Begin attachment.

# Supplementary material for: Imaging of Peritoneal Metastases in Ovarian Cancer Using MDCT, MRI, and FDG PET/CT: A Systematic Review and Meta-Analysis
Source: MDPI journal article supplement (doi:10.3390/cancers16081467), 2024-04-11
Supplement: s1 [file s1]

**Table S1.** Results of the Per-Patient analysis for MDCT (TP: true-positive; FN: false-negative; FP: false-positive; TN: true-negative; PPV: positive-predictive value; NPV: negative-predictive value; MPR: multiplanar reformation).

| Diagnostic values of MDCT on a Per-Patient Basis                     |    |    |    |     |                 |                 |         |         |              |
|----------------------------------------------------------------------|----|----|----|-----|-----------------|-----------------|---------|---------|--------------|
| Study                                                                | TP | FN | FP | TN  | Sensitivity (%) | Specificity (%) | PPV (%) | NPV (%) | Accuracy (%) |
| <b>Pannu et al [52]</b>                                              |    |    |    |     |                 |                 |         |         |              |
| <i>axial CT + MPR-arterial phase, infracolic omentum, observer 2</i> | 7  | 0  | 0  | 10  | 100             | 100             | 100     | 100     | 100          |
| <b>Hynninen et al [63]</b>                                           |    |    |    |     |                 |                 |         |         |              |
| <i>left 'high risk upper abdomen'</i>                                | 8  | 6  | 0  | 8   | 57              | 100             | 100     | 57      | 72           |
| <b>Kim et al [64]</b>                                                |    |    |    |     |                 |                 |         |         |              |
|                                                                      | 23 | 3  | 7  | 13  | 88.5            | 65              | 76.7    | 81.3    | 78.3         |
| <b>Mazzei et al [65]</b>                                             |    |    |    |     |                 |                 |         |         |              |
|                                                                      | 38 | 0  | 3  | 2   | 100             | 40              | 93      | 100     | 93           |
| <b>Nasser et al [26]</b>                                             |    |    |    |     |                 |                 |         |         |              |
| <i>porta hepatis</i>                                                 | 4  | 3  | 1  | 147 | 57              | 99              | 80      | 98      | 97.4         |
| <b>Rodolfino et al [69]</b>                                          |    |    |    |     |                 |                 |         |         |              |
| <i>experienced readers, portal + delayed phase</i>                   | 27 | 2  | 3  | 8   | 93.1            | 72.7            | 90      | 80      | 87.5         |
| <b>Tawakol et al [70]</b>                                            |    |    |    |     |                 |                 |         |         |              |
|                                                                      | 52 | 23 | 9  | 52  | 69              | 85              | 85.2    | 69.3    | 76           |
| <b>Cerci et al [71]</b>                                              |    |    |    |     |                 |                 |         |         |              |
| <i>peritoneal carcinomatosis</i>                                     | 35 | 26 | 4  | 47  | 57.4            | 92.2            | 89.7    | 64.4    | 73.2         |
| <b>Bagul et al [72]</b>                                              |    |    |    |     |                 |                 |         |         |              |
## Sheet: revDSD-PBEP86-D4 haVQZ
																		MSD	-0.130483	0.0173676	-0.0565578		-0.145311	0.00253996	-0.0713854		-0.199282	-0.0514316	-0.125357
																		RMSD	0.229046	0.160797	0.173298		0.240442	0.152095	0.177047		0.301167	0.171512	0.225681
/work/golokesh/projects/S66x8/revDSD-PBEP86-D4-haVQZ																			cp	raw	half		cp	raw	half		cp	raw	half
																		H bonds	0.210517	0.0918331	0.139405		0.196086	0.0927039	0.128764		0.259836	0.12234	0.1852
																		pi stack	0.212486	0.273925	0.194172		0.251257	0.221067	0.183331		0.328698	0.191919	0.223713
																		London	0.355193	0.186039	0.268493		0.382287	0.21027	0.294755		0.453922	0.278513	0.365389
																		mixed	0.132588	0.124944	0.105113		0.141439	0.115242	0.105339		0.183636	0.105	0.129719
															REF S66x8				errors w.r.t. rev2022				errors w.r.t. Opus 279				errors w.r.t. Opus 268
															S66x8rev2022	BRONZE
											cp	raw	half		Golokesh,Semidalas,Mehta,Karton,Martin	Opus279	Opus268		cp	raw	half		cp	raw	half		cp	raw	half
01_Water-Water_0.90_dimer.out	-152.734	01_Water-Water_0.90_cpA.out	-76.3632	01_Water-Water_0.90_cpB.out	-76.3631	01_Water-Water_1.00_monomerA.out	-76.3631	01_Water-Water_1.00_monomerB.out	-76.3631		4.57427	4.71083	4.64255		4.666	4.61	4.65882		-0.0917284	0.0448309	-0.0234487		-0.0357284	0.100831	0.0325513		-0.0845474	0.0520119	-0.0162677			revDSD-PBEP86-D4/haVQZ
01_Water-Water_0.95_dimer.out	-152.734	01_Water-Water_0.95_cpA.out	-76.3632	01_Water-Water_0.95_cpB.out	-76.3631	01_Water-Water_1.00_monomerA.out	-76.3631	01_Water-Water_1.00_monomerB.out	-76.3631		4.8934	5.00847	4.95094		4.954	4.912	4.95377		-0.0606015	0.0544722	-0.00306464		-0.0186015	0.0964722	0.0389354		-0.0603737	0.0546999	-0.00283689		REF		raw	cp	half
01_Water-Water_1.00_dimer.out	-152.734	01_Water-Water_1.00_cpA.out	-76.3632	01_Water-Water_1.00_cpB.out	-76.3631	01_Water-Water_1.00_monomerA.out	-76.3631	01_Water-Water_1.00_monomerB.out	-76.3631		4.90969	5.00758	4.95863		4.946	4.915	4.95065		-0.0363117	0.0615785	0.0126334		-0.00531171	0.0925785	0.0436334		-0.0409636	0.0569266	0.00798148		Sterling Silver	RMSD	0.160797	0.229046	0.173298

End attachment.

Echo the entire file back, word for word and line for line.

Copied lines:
# Supplementary material for: Imaging of Peritoneal Metastases in Ovarian Cancer Using MDCT, MRI, and FDG PET/CT: A Systematic Review and Meta-Analysis
Source: MDPI journal article supplement (doi:10.3390/cancers16081467), 2024-04-11
Supplement: s1 [file s1]

**Table S1.** Results of the Per-Patient analysis for MDCT (TP: true-positive; FN: false-negative; FP: false-positive; TN: true-negative; PPV: positive-predictive value; NPV: negative-predictive value; MPR: multiplanar reformation).

| Diagnostic values of MDCT on a Per-Patient Basis                     |    |    |    |     |                 |                 |         |         |              |
|----------------------------------------------------------------------|----|----|----|-----|-----------------|-----------------|---------|---------|--------------|
| Study                                                                | TP | FN | FP | TN  | Sensitivity (%) | Specificity (%) | PPV (%) | NPV (%) | Accuracy (%) |
| <b>Pannu et al [52]</b>                                              |    |    |    |     |                 |                 |         |         |              |
| <i>axial CT + MPR-arterial phase, infracolic omentum, observer 2</i> | 7  | 0  | 0  | 10  | 100             | 100             | 100     | 100     | 100          |
| <b>Hynninen et al [63]</b>                                           |    |    |    |     |                 |                 |         |         |              |
| <i>left 'high risk upper abdomen'</i>                                | 8  | 6  | 0  | 8   | 57              | 100             | 100     | 57      | 72           |
| <b>Kim et al [64]</b>                                                |    |    |    |     |                 |                 |         |         |              |
|                                                                      | 23 | 3  | 7  | 13  | 88.5            | 65              | 76.7    | 81.3    | 78.3         |
| <b>Mazzei et al [65]</b>                                             |    |    |    |     |                 |                 |         |         |              |
|                                                                      | 38 | 0  | 3  | 2   | 100             | 40              | 93      | 100     | 93           |
| <b>Nasser et al [26]</b>                                             |    |    |    |     |                 |                 |         |         |              |
| <i>porta hepatis</i>                                                 | 4  | 3  | 1  | 147 | 57              | 99              | 80      | 98      | 97.4         |
| <b>Rodolfino et al [69]</b>                                          |    |    |    |     |                 |                 |         |         |              |
| <i>experienced readers, portal + delayed phase</i>                   | 27 | 2  | 3  | 8   | 93.1            | 72.7            | 90      | 80      | 87.5         |
| <b>Tawakol et al [70]</b>                                            |    |    |    |     |                 |                 |         |         |              |
|                                                                      | 52 | 23 | 9  | 52  | 69              | 85              | 85.2    | 69.3    | 76           |
| <b>Cerci et al [71]</b>                                              |    |    |    |     |                 |                 |         |         |              |
| <i>peritoneal carcinomatosis</i>                                     | 35 | 26 | 4  | 47  | 57.4            | 92.2            | 89.7    | 64.4    | 73.2         |
| <b>Bagul et al [72]</b>                                              |    |    |    |     |                 |                 |         |         |              |
## Sheet: revDSD-PBEP86-D4 haVQZ
																		MSD	-0.130483	0.0173676	-0.0565578		-0.145311	0.00253996	-0.0713854		-0.199282	-0.0514316	-0.125357
																		RMSD	0.229046	0.160797	0.173298		0.240442	0.152095	0.177047		0.301167	0.171512	0.225681
/work/golokesh/projects/S66x8/revDSD-PBEP86-D4-haVQZ																			cp	raw	half		cp	raw	half		cp	raw	half
																		H bonds	0.210517	0.0918331	0.139405		0.196086	0.0927039	0.128764		0.259836	0.12234	0.1852
																		pi stack	0.212486	0.273925	0.194172		0.251257	0.221067	0.183331		0.328698	0.191919	0.223713
																		London	0.355193	0.186039	0.268493		0.382287	0.21027	0.294755		0.453922	0.278513	0.365389
																		mixed	0.132588	0.124944	0.105113		0.141439	0.115242	0.105339		0.183636	0.105	0.129719
															REF S66x8				errors w.r.t. rev2022				errors w.r.t. Opus 279				errors w.r.t. Opus 268
															S66x8rev2022	BRONZE
											cp	raw	half		Golokesh,Semidalas,Mehta,Karton,Martin	Opus279	Opus268		cp	raw	half		cp	raw	half		cp	raw	half
01_Water-Water_0.90_dimer.out	-152.734	01_Water-Water_0.90_cpA.out	-76.3632	01_Water-Water_0.90_cpB.out	-76.3631	01_Water-Water_1.00_monomerA.out	-76.3631	01_Water-Water_1.00_monomerB.out	-76.3631		4.57427	4.71083	4.64255		4.666	4.61	4.65882		-0.0917284	0.0448309	-0.0234487		-0.0357284	0.100831	0.0325513		-0.0845474	0.0520119	-0.0162677			revDSD-PBEP86-D4/haVQZ
01_Water-Water_0.95_dimer.out	-152.734	01_Water-Water_0.95_cpA.out	-76.3632	01_Water-Water_0.95_cpB.out	-76.3631	01_Water-Water_1.00_monomerA.out	-76.3631	01_Water-Water_1.00_monomerB.out	-76.3631		4.8934	5.00847	4.95094		4.954	4.912	4.95377		-0.0606015	0.0544722	-0.00306464		-0.0186015	0.0964722	0.0389354		-0.0603737	0.0546999	-0.00283689		REF		raw	cp	half
01_Water-Water_1.00_dimer.out	-152.734	01_Water-Water_1.00_cpA.out	-76.3632	01_Water-Water_1.00_cpB.out	-76.3631	01_Water-Water_1.00_monomerA.out	-76.3631	01_Water-Water_1.00_monomerB.out	-76.3631		4.90969	5.00758	4.95863		4.946	4.915	4.95065		-0.0363117	0.0615785	0.0126334		-0.00531171	0.0925785	0.0436334		-0.0409636	0.0569266	0.00798148		Sterling Silver	RMSD	0.160797	0.229046	0.173298